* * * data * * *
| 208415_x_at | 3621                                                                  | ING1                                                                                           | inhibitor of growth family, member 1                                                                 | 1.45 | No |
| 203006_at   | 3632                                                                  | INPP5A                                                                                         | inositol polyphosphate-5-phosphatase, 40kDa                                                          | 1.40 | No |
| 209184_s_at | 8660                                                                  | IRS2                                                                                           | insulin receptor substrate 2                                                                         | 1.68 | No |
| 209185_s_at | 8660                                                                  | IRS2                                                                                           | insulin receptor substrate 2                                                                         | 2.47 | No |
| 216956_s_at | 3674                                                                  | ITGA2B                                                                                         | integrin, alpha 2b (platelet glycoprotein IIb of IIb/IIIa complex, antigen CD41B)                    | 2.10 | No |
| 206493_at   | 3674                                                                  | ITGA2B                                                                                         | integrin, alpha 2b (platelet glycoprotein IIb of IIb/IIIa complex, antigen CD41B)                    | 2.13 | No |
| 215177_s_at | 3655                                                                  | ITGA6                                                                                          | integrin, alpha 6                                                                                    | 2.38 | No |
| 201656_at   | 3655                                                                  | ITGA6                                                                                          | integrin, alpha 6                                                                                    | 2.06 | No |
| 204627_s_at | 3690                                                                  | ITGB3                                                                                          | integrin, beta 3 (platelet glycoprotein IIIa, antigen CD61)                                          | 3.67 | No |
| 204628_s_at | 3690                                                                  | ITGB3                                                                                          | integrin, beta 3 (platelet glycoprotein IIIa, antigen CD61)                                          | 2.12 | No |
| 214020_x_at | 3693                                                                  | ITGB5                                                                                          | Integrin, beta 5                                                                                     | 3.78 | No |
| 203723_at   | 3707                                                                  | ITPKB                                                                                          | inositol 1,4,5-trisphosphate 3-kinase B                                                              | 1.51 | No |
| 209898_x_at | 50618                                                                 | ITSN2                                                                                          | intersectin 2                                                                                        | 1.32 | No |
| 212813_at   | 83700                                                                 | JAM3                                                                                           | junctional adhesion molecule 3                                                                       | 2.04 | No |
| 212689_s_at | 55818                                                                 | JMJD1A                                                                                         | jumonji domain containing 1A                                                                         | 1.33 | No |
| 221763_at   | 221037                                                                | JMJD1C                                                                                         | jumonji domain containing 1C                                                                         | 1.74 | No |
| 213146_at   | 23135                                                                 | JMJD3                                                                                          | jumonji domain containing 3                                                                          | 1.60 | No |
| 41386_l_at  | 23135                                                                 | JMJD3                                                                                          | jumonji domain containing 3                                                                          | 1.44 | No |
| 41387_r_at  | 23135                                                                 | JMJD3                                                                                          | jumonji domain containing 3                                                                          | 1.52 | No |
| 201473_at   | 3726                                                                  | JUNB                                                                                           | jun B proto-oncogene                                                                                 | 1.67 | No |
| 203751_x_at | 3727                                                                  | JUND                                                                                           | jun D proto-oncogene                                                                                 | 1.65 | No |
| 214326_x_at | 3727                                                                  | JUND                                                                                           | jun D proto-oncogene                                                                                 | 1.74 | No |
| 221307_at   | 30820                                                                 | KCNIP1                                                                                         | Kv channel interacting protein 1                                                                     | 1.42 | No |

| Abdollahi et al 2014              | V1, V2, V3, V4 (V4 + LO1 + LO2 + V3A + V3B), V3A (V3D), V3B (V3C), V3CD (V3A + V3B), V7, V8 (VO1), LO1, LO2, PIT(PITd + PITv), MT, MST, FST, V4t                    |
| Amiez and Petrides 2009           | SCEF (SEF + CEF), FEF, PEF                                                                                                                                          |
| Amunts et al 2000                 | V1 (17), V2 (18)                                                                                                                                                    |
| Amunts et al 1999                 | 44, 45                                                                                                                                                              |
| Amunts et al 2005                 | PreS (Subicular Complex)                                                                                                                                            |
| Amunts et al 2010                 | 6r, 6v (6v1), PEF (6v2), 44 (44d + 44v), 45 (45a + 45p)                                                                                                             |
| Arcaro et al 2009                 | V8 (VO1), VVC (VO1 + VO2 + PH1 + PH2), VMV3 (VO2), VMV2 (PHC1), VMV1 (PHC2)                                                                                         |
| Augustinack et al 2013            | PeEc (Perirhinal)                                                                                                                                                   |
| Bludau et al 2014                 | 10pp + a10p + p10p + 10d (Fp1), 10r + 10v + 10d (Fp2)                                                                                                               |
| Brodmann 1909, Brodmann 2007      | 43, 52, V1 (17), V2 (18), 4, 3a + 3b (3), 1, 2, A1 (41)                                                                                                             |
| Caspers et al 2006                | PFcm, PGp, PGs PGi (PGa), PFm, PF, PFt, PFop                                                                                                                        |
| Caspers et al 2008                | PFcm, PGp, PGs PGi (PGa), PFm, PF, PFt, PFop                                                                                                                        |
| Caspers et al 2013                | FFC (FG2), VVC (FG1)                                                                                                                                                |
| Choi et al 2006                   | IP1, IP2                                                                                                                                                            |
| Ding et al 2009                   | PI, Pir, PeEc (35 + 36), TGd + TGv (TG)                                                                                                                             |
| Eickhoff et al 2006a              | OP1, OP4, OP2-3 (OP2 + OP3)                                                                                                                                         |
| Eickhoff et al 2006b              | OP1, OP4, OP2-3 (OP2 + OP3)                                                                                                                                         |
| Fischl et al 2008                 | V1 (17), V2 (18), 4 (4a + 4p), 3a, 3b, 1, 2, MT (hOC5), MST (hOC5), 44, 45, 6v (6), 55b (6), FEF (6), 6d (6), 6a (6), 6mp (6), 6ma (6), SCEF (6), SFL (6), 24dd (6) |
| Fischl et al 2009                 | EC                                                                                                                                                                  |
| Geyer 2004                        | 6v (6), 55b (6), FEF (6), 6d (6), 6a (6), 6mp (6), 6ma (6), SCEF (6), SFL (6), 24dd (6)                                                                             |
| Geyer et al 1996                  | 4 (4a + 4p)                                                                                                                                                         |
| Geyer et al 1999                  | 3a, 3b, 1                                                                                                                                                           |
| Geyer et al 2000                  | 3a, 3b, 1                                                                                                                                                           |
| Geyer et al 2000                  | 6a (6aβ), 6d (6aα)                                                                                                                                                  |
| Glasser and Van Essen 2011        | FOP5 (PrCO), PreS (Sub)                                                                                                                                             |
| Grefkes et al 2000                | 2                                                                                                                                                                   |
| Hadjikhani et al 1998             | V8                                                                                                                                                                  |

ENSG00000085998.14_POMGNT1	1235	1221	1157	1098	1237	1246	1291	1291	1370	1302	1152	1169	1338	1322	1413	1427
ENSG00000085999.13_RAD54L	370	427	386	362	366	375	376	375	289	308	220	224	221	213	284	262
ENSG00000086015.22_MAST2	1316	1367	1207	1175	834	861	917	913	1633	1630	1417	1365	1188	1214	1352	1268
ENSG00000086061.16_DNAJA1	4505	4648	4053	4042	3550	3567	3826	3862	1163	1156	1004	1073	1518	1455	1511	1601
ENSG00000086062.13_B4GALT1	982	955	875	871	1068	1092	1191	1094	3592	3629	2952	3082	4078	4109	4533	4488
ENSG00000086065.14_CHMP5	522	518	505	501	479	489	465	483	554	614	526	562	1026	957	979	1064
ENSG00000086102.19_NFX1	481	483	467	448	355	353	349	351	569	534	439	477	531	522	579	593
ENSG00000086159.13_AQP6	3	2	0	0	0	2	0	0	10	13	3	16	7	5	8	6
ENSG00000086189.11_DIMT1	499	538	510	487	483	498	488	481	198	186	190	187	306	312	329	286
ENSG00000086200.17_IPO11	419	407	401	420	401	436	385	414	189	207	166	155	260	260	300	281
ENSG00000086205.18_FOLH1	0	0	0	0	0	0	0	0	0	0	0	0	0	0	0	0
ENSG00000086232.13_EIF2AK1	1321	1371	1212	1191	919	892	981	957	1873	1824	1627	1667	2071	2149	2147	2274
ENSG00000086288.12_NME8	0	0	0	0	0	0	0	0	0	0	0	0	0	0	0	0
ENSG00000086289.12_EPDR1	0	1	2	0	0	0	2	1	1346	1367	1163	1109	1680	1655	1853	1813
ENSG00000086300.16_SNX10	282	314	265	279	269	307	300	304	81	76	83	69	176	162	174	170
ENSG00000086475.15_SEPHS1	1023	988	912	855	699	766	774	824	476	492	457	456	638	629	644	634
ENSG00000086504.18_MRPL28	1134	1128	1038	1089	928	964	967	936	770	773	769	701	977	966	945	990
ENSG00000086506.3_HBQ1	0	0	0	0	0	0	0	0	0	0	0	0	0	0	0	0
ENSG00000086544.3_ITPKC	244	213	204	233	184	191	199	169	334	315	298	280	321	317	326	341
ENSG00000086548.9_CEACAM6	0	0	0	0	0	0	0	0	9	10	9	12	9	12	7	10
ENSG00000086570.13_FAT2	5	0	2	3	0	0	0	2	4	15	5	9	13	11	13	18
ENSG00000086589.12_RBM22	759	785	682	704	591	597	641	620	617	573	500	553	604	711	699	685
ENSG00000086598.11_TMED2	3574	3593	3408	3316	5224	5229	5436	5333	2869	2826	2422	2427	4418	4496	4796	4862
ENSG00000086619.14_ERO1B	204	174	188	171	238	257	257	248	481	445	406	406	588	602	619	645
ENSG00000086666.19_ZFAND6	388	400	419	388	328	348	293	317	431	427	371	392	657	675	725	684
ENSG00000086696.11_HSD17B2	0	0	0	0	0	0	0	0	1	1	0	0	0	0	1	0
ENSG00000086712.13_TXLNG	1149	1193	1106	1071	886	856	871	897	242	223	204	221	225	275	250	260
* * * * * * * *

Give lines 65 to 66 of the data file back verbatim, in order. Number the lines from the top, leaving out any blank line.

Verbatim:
ENSG00000086300.16_SNX10	282	314	265	279	269	307	300	304	81	76	83	69	176	162	174	170
ENSG00000086475.15_SEPHS1	1023	988	912	855	699	766	774	824	476	492	457	456	638	629	644	634